Going Abroad With a Singapore Sling at Macleod’s Scottish Pub

The Watering Hole:Macleod’s Scottish Pub, 5200 Ballard Ave NW, 687-7115, BALLARD

The Atmosphere:This prime spot on the corner of 20th and Ballard Ave used to house Harlow’s Saloon, but the “pre-fab dive bar” went belly-up, and the space has undergone an impressive facelift since Macleod’s opened in December. The most striking feature is a magnificent, hand-painted map of Scotland on the ceiling, which gives the place sort of a Sistine Chapel feel. There are all sorts of other homages to Scotland, including a wall with framed pictures of famous Scots. The bar itself has been rebuilt too, and the tacky chic favored by Harlow’s was wisely replaced with handsome dark wood shelves to house Macleod’s impressive collection of single malts. It’s slow on a Tuesday afternoon, with indie rock on the stereo and two TVs tuned to Champions League soccer.

The Barkeep:Kevin Parisi moonlights at Amber in Belltown, and also lists a stint a the “Scotch-heavy” cocktail bar Tini Bigs on his résumé. He is set to embark on a three-month long trip to India in May, but plans to return to Seattle and Macleod’s when his odyssey on the sub-continent is over.

The bar’s namesake and co-owner Allen Macleod was on hand as well. Born in the U.S. but raised in Scotland by Scottish parents, he explains that this is his first foray into the business stateside after previously working as a barman in the UK. He’s partnering with the owners of Poquitos and nearby Bastille.

The Drink:Parisi offers two options when given free reign to mix whatever he pleases: something like a Manhattan or “something tiki.” With the sun shining outside, I say something tiki sounds about right. “Good,” he replies. “Then I get to beat something, and that’s fun for everybody involved.”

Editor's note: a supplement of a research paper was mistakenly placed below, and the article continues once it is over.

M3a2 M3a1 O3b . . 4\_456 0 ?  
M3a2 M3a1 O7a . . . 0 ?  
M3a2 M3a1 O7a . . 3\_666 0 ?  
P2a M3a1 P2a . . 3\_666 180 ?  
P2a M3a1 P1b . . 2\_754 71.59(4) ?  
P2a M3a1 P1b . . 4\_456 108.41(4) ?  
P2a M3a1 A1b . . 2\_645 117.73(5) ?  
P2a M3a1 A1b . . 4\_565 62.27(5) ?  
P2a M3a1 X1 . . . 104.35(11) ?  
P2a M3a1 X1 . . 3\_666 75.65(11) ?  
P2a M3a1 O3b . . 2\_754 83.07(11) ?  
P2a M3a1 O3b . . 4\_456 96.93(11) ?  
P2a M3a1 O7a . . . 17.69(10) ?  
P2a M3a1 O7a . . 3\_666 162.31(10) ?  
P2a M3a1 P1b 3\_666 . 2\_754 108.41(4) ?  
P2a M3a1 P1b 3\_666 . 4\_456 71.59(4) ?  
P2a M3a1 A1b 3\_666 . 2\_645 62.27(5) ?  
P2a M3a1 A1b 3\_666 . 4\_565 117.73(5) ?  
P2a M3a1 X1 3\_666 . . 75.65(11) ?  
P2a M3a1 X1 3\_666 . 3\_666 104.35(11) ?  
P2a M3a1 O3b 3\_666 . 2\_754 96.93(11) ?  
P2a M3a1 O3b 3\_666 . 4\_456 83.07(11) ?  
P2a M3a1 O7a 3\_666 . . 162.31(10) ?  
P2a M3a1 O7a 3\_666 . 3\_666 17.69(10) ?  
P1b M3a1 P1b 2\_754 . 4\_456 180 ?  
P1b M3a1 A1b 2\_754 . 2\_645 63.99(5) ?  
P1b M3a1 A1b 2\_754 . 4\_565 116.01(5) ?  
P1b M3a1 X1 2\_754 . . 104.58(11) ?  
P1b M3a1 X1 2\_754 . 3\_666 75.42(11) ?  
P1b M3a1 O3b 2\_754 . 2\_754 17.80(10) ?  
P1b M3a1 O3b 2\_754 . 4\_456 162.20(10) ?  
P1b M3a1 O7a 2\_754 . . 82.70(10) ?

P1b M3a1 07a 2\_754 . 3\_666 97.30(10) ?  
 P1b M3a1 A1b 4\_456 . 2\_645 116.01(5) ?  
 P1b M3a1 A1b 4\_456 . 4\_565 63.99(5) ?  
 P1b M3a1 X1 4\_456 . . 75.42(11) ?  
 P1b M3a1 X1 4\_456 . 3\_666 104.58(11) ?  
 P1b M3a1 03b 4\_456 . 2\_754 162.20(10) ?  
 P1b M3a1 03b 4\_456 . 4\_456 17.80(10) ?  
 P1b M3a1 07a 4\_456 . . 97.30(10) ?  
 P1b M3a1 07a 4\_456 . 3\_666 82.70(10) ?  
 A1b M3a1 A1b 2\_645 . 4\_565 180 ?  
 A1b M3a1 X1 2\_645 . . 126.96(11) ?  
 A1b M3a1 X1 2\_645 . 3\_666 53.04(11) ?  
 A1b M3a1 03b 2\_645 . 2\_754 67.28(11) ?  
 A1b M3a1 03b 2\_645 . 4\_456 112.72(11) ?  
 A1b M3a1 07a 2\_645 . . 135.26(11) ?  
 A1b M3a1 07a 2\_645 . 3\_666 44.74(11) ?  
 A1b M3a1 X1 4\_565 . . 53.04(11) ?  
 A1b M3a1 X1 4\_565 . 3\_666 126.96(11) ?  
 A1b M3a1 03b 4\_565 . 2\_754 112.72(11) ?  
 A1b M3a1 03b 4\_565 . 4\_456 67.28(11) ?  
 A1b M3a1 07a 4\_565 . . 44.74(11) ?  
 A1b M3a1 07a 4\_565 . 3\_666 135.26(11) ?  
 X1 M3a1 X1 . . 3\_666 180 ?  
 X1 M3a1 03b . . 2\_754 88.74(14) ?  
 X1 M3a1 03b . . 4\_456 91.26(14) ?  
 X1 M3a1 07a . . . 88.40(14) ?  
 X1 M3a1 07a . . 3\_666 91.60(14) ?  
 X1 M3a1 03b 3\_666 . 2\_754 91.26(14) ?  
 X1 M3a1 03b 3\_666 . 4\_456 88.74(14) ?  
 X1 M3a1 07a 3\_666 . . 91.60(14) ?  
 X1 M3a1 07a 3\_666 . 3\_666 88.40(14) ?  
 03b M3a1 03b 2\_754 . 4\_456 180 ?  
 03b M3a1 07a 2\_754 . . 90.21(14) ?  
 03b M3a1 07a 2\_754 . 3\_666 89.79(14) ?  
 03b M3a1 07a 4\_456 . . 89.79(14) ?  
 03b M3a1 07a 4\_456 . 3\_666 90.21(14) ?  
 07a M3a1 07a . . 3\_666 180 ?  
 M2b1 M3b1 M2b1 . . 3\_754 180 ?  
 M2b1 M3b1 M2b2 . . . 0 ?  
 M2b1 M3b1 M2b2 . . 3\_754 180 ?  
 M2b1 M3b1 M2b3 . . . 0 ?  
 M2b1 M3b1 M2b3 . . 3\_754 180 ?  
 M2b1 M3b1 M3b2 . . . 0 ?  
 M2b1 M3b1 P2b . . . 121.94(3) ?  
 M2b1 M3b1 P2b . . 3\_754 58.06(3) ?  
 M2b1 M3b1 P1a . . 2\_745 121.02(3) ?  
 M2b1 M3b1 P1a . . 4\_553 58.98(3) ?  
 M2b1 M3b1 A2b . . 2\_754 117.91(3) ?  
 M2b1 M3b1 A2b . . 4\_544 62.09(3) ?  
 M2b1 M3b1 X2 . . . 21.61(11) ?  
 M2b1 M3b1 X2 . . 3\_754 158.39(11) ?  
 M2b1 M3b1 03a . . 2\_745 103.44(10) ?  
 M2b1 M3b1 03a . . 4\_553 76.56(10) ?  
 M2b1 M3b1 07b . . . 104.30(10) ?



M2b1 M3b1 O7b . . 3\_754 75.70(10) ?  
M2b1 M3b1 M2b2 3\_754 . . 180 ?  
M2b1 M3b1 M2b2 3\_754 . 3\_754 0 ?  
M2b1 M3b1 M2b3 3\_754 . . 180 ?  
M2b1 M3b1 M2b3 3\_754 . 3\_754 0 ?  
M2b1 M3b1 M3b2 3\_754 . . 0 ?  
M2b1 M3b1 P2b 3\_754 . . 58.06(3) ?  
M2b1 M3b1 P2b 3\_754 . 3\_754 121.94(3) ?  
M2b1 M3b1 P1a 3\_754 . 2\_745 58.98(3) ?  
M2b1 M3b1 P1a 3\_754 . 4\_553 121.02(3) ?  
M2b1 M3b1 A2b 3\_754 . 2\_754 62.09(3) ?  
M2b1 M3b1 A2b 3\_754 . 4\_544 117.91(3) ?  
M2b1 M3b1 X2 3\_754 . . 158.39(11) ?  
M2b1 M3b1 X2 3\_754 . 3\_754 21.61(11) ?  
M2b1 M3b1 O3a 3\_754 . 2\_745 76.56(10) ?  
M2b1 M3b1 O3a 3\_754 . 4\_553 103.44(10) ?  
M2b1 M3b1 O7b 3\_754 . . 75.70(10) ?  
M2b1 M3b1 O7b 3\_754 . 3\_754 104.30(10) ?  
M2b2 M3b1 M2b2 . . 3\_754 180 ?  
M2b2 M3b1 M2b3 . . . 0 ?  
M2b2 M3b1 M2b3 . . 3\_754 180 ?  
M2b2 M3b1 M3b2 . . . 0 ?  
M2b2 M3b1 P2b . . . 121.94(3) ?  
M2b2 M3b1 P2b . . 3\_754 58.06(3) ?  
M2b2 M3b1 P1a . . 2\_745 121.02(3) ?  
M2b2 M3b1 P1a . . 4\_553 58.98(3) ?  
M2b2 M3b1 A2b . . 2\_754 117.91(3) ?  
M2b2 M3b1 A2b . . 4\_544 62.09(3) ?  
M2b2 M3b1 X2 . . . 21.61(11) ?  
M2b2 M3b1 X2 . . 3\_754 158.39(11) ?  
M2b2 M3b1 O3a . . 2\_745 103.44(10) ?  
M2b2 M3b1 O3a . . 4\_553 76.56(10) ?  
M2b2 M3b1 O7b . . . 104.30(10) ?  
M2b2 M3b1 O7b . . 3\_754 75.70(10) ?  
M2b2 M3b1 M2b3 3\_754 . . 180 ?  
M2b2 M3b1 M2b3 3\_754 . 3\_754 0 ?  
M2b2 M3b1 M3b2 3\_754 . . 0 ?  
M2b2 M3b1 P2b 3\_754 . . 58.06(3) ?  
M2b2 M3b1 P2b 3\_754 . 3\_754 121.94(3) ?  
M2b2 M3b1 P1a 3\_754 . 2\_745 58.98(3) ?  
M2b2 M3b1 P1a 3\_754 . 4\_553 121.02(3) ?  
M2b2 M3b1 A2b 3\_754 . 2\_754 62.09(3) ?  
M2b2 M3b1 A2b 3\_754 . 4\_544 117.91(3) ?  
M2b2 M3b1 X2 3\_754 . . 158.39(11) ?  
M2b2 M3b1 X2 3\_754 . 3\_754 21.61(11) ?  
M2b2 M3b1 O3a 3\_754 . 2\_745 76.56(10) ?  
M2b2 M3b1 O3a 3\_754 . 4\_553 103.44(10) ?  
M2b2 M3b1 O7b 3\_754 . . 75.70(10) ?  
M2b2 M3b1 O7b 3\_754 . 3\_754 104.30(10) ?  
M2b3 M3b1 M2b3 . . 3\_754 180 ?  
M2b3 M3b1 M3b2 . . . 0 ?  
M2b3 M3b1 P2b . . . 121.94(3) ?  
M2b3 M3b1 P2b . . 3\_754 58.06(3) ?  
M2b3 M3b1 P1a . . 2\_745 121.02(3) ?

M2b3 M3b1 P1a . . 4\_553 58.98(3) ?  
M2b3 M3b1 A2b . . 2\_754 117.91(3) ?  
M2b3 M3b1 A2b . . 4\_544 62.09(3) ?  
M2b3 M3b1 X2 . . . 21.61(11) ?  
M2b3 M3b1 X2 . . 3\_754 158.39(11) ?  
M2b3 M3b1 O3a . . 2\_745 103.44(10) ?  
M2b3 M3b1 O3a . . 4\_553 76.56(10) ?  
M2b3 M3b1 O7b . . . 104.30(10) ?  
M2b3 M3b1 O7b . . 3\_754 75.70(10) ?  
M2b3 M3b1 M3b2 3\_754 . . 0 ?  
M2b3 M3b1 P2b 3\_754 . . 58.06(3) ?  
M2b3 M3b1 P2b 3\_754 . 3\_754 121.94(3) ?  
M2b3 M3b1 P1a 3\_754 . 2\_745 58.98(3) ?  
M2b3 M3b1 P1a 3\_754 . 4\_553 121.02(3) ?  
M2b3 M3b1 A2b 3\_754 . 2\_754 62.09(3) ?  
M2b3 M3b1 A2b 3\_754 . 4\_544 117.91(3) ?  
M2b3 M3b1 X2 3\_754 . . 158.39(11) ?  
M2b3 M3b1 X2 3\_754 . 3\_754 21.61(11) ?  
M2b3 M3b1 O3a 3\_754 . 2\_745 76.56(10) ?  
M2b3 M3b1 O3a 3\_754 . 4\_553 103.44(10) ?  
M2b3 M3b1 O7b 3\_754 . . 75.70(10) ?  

He shovels ice cubes into a canvas sack, then wails away at it with a heavy wooden muddler. It looks like a good way to blow off some steam, and Parisi jokes, “I’m much happier now,” as he pours the finely crushed ice into a pint glass. He explains that the stress-relieving prep work is for a Singapore Sling, chosen in honor of a friend of his currently traveling in southeast Asia. Parisi uses his iPhone to call up the other ingredients for the century-old cocktail, which originated at Raffles Hotel in Singapore.

The recipe calls for pineapple juice, Gordon’s gin, Cherry Heering liqueur, Bénédictine, and Angostura bitters. He shakes it all up and pours it out, adding a dash more Heering and Bénédictine after tasting a few drops with a straw. There’s no foamy top like the classic Sling, but it looks colorful and tropical served over the ice, and garnished with a dark cherry, and lime and lemon wedges.

The Verdict:The syrupy Cherry Heering is the dominant flavor, and the potent drink tastes a bit like a dark cherry slushy spiked with gin — not something I’d order often, but apropos given the warm weather. On the whole, Macleod’s is certainly worth visiting, if only to chat up Macleod himself. On this visit, he was giving out free beers to a pair of new customers and quoting Trainspotting in his thick Scottish brogue. Discussing the prickly relations between Scots and Englishmen, Macleod dropped the famous line from the film, “Some hate the English. I don’t. They’re just wankers. We, on the other hand, are colonized by wankers.”

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